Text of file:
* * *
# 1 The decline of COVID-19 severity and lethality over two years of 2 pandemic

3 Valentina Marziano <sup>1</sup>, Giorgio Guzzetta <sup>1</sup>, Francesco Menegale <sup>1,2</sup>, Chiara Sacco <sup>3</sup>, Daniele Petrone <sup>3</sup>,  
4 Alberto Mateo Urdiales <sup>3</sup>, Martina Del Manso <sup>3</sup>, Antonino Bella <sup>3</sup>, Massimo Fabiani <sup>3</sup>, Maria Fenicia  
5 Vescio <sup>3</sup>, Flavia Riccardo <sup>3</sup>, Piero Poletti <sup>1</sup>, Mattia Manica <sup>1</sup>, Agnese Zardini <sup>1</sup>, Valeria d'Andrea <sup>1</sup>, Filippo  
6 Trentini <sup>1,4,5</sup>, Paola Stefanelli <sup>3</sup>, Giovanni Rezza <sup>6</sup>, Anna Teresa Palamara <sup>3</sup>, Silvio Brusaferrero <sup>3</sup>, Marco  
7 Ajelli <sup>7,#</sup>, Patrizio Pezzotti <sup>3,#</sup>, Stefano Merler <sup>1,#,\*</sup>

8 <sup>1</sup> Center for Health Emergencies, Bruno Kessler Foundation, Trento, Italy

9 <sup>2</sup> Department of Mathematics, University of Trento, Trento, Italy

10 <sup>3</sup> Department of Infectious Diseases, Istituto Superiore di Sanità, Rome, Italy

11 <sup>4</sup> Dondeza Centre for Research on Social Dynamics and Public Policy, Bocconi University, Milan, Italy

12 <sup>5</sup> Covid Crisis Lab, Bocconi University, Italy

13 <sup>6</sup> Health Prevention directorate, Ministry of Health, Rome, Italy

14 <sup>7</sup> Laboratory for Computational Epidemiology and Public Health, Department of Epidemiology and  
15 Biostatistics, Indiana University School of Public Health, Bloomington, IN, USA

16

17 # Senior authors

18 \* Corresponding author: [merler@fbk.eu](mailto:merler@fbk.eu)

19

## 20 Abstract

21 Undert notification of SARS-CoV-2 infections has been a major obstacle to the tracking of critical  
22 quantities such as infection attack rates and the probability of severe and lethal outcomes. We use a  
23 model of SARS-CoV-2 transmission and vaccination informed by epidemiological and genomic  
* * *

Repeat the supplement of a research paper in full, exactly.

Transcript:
# 1 The decline of COVID-19 severity and lethality over two years of 2 pandemic

3 Valentina Marziano <sup>1</sup>, Giorgio Guzzetta <sup>1</sup>, Francesco Menegale <sup>1,2</sup>, Chiara Sacco <sup>3</sup>, Daniele Petrone <sup>3</sup>,  
4 Alberto Mateo Urdiales <sup>3</sup>, Martina Del Manso <sup>3</sup>, Antonino Bella <sup>3</sup>, Massimo Fabiani <sup>3</sup>, Maria Fenicia  
5 Vescio <sup>3</sup>, Flavia Riccardo <sup>3</sup>, Piero Poletti <sup>1</sup>, Mattia Manica <sup>1</sup>, Agnese Zardini <sup>1</sup>, Valeria d'Andrea <sup>1</sup>, Filippo  
6 Trentini <sup>1,4,5</sup>, Paola Stefanelli <sup>3</sup>, Giovanni Rezza <sup>6</sup>, Anna Teresa Palamara <sup>3</sup>, Silvio Brusaferrero <sup>3</sup>, Marco  
7 Ajelli <sup>7,#</sup>, Patrizio Pezzotti <sup>3,#</sup>, Stefano Merler <sup>1,#,\*</sup>

8 <sup>1</sup> Center for Health Emergencies, Bruno Kessler Foundation, Trento, Italy

9 <sup>2</sup> Department of Mathematics, University of Trento, Trento, Italy

10 <sup>3</sup> Department of Infectious Diseases, Istituto Superiore di Sanità, Rome, Italy

11 <sup>4</sup> Dondeza Centre for Research on Social Dynamics and Public Policy, Bocconi University, Milan, Italy

12 <sup>5</sup> Covid Crisis Lab, Bocconi University, Italy

13 <sup>6</sup> Health Prevention directorate, Ministry of Health, Rome, Italy

14 <sup>7</sup> Laboratory for Computational Epidemiology and Public Health, Department of Epidemiology and  
15 Biostatistics, Indiana University School of Public Health, Bloomington, IN, USA

16

17 # Senior authors

18 \* Corresponding author: [merler@fbk.eu](mailto:merler@fbk.eu)

19

## 20 Abstract

21 Undert notification of SARS-CoV-2 infections has been a major obstacle to the tracking of critical  
22 quantities such as infection attack rates and the probability of severe and lethal outcomes. We use a  
23 model of SARS-CoV-2 transmission and vaccination informed by epidemiological and genomic  